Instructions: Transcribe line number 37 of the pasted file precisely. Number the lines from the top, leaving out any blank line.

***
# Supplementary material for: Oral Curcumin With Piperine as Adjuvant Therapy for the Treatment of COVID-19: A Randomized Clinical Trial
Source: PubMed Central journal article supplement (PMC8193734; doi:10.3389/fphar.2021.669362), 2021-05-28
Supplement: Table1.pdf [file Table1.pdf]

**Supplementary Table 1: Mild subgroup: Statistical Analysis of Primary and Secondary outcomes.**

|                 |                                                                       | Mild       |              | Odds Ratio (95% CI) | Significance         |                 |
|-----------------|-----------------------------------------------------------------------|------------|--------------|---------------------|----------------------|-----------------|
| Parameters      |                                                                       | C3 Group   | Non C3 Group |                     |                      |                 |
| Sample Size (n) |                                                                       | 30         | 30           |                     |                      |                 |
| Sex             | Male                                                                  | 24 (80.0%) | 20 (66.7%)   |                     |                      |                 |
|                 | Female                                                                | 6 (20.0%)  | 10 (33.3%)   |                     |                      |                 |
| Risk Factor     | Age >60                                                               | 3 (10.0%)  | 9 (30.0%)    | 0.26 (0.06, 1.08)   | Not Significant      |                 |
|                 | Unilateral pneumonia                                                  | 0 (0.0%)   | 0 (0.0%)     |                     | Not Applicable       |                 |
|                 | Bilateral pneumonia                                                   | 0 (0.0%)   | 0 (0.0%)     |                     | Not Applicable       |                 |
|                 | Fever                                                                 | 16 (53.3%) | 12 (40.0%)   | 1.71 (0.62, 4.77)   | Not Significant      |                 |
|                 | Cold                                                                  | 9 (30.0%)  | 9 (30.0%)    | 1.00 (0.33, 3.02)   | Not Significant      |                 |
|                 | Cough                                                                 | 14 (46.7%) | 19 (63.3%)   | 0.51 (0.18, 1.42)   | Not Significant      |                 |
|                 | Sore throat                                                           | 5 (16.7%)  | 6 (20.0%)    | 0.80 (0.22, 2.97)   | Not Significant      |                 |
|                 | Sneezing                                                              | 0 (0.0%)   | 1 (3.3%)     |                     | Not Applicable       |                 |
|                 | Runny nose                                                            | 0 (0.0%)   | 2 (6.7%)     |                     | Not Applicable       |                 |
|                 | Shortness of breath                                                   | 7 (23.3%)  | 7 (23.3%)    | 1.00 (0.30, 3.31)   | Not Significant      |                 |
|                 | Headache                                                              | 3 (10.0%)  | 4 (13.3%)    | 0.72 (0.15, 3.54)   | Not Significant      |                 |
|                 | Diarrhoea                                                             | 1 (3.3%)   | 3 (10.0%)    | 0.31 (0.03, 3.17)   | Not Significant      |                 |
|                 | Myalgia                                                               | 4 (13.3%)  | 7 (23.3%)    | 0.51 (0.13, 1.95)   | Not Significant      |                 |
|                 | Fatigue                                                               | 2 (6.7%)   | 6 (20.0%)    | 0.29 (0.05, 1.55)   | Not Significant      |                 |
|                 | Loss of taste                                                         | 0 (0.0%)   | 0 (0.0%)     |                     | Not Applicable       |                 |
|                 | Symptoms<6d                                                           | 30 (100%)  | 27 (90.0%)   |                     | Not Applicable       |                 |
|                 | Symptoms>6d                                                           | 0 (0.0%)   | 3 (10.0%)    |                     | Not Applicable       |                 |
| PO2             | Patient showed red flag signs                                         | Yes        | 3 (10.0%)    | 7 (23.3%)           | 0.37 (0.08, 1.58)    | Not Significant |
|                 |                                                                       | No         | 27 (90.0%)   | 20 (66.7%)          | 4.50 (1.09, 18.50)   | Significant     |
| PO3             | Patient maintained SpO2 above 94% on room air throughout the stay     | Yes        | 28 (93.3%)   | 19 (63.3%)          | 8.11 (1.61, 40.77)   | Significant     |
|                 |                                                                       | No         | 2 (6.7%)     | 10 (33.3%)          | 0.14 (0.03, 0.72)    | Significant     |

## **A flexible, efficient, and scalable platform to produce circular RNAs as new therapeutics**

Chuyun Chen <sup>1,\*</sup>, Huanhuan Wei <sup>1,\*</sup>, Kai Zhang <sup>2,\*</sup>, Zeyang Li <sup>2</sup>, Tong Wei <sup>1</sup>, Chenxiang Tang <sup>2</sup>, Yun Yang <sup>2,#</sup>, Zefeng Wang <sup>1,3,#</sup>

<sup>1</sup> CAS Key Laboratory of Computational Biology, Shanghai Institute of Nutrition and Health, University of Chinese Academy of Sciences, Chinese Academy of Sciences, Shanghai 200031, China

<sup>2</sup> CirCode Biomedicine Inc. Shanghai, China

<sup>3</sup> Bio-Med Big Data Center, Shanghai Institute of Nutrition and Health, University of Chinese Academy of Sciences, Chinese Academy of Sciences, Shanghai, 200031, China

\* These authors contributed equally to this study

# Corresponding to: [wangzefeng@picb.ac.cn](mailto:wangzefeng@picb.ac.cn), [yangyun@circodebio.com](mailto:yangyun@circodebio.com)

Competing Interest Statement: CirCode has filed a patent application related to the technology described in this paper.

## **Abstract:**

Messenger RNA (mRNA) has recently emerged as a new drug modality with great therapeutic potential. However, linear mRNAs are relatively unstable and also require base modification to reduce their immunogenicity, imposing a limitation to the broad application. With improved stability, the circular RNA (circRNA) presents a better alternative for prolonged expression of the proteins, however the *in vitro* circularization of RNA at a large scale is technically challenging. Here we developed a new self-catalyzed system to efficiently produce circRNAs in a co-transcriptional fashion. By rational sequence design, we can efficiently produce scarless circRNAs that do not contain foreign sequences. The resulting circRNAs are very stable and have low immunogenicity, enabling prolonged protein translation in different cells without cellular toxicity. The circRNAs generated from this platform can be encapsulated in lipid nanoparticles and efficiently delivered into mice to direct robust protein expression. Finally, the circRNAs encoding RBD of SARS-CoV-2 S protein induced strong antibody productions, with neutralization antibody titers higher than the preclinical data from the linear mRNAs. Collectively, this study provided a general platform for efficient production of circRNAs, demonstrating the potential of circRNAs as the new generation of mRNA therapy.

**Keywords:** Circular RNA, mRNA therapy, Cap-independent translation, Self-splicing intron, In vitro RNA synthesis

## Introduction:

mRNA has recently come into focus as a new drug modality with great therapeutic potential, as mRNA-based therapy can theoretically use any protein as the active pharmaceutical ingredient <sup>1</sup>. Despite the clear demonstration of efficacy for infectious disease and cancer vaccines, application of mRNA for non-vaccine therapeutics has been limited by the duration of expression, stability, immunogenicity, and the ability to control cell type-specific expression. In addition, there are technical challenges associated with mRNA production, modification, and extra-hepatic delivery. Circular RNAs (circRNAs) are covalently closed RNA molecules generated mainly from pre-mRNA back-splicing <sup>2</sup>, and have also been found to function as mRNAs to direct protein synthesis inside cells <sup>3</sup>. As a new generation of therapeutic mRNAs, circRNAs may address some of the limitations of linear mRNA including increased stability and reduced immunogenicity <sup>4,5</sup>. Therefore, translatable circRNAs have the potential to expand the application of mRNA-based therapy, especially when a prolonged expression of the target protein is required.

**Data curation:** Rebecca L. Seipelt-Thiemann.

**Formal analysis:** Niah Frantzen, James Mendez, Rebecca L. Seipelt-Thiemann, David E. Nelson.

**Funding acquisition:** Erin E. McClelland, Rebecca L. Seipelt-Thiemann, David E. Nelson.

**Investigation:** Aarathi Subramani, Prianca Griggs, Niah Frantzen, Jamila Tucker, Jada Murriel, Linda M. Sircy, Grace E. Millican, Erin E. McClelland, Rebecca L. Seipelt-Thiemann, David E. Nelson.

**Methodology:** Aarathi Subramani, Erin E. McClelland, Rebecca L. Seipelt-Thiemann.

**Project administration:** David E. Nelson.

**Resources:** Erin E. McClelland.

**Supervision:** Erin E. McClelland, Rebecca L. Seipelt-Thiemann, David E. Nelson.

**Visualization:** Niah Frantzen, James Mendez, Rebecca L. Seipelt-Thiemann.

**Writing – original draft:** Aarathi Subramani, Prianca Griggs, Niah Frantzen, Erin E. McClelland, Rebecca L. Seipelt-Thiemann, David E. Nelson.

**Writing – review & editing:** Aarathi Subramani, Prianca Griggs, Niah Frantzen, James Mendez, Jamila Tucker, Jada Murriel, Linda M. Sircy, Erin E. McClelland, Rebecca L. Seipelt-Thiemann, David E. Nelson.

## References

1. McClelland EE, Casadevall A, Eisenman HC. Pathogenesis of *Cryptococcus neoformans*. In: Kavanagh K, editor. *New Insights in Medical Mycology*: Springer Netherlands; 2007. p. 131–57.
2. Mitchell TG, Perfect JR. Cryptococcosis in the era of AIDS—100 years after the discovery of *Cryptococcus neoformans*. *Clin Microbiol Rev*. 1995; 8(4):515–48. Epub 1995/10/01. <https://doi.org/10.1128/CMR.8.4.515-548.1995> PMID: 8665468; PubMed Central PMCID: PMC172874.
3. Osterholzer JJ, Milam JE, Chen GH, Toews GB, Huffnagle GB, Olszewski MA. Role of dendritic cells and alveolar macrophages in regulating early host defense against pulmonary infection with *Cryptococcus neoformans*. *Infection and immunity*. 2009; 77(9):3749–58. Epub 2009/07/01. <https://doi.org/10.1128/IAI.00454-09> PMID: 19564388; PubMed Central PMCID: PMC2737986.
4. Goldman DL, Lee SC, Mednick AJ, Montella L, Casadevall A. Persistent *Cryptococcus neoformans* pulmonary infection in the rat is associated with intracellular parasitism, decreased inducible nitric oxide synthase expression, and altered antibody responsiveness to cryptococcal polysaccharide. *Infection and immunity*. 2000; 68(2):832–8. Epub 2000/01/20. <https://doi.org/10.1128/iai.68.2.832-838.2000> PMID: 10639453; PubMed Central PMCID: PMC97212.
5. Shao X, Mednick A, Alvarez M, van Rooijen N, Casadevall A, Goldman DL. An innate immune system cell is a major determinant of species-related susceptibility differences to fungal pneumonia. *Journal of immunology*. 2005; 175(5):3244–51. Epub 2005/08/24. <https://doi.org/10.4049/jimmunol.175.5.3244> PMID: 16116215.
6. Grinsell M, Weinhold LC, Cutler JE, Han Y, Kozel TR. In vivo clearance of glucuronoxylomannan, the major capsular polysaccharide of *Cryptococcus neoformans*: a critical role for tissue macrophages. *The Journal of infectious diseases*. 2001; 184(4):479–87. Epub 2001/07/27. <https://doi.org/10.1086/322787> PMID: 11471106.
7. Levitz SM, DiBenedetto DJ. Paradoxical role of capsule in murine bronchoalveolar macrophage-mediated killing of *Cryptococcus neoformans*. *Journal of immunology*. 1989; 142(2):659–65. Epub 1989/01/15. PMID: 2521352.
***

\* These authors contributed equally to this study